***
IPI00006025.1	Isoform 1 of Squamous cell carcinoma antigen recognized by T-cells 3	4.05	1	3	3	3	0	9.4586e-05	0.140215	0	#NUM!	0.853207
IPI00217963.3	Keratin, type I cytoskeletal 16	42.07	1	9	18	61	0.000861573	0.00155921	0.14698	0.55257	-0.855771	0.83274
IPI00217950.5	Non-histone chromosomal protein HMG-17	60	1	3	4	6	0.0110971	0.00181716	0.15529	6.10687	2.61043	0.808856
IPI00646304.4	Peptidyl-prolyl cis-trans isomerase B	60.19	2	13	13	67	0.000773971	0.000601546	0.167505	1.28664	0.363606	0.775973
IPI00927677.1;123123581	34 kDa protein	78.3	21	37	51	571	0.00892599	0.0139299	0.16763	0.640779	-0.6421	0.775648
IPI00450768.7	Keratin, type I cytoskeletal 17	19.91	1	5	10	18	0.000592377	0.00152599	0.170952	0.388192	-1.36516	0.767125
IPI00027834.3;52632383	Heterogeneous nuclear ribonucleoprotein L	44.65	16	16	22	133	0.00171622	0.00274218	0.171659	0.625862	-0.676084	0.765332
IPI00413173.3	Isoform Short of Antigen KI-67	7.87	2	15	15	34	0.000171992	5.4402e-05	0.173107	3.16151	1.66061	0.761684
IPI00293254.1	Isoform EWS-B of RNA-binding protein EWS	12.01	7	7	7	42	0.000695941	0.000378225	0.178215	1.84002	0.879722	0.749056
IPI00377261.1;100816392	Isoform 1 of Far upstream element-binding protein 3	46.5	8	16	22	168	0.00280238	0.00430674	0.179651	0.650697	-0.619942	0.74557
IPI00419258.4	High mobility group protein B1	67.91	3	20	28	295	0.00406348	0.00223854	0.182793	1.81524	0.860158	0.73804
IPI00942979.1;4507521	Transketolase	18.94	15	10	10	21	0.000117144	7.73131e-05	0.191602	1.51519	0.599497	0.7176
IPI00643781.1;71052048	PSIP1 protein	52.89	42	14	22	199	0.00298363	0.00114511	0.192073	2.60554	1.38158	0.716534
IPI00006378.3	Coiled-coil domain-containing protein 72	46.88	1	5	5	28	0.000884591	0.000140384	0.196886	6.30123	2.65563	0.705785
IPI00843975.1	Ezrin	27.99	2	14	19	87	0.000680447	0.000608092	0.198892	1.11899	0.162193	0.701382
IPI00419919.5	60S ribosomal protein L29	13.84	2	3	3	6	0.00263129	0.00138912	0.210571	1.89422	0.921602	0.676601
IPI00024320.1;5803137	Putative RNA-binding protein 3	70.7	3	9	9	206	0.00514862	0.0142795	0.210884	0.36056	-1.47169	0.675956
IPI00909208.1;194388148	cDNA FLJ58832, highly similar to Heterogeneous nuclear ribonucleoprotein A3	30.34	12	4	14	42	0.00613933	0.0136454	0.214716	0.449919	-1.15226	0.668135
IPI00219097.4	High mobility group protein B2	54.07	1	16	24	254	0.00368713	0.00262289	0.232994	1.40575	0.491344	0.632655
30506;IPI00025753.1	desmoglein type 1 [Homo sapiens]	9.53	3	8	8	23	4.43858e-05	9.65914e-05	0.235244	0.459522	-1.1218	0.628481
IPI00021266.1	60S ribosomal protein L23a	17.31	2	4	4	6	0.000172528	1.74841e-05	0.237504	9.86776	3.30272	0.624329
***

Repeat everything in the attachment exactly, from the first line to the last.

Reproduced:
IPI00006025.1	Isoform 1 of Squamous cell carcinoma antigen recognized by T-cells 3	4.05	1	3	3	3	0	9.4586e-05	0.140215	0	#NUM!	0.853207
IPI00217963.3	Keratin, type I cytoskeletal 16	42.07	1	9	18	61	0.000861573	0.00155921	0.14698	0.55257	-0.855771	0.83274
IPI00217950.5	Non-histone chromosomal protein HMG-17	60	1	3	4	6	0.0110971	0.00181716	0.15529	6.10687	2.61043	0.808856
IPI00646304.4	Peptidyl-prolyl cis-trans isomerase B	60.19	2	13	13	67	0.000773971	0.000601546	0.167505	1.28664	0.363606	0.775973
IPI00927677.1;123123581	34 kDa protein	78.3	21	37	51	571	0.00892599	0.0139299	0.16763	0.640779	-0.6421	0.775648
IPI00450768.7	Keratin, type I cytoskeletal 17	19.91	1	5	10	18	0.000592377	0.00152599	0.170952	0.388192	-1.36516	0.767125
IPI00027834.3;52632383	Heterogeneous nuclear ribonucleoprotein L	44.65	16	16	22	133	0.00171622	0.00274218	0.171659	0.625862	-0.676084	0.765332
IPI00413173.3	Isoform Short of Antigen KI-67	7.87	2	15	15	34	0.000171992	5.4402e-05	0.173107	3.16151	1.66061	0.761684
IPI00293254.1	Isoform EWS-B of RNA-binding protein EWS	12.01	7	7	7	42	0.000695941	0.000378225	0.178215	1.84002	0.879722	0.749056
IPI00377261.1;100816392	Isoform 1 of Far upstream element-binding protein 3	46.5	8	16	22	168	0.00280238	0.00430674	0.179651	0.650697	-0.619942	0.74557
IPI00419258.4	High mobility group protein B1	67.91	3	20	28	295	0.00406348	0.00223854	0.182793	1.81524	0.860158	0.73804
IPI00942979.1;4507521	Transketolase	18.94	15	10	10	21	0.000117144	7.73131e-05	0.191602	1.51519	0.599497	0.7176
IPI00643781.1;71052048	PSIP1 protein	52.89	42	14	22	199	0.00298363	0.00114511	0.192073	2.60554	1.38158	0.716534
IPI00006378.3	Coiled-coil domain-containing protein 72	46.88	1	5	5	28	0.000884591	0.000140384	0.196886	6.30123	2.65563	0.705785
IPI00843975.1	Ezrin	27.99	2	14	19	87	0.000680447	0.000608092	0.198892	1.11899	0.162193	0.701382
IPI00419919.5	60S ribosomal protein L29	13.84	2	3	3	6	0.00263129	0.00138912	0.210571	1.89422	0.921602	0.676601
IPI00024320.1;5803137	Putative RNA-binding protein 3	70.7	3	9	9	206	0.00514862	0.0142795	0.210884	0.36056	-1.47169	0.675956
IPI00909208.1;194388148	cDNA FLJ58832, highly similar to Heterogeneous nuclear ribonucleoprotein A3	30.34	12	4	14	42	0.00613933	0.0136454	0.214716	0.449919	-1.15226	0.668135
IPI00219097.4	High mobility group protein B2	54.07	1	16	24	254	0.00368713	0.00262289	0.232994	1.40575	0.491344	0.632655
30506;IPI00025753.1	desmoglein type 1 [Homo sapiens]	9.53	3	8	8	23	4.43858e-05	9.65914e-05	0.235244	0.459522	-1.1218	0.628481
IPI00021266.1	60S ribosomal protein L23a	17.31	2	4	4	6	0.000172528	1.74841e-05	0.237504	9.86776	3.30272	0.624329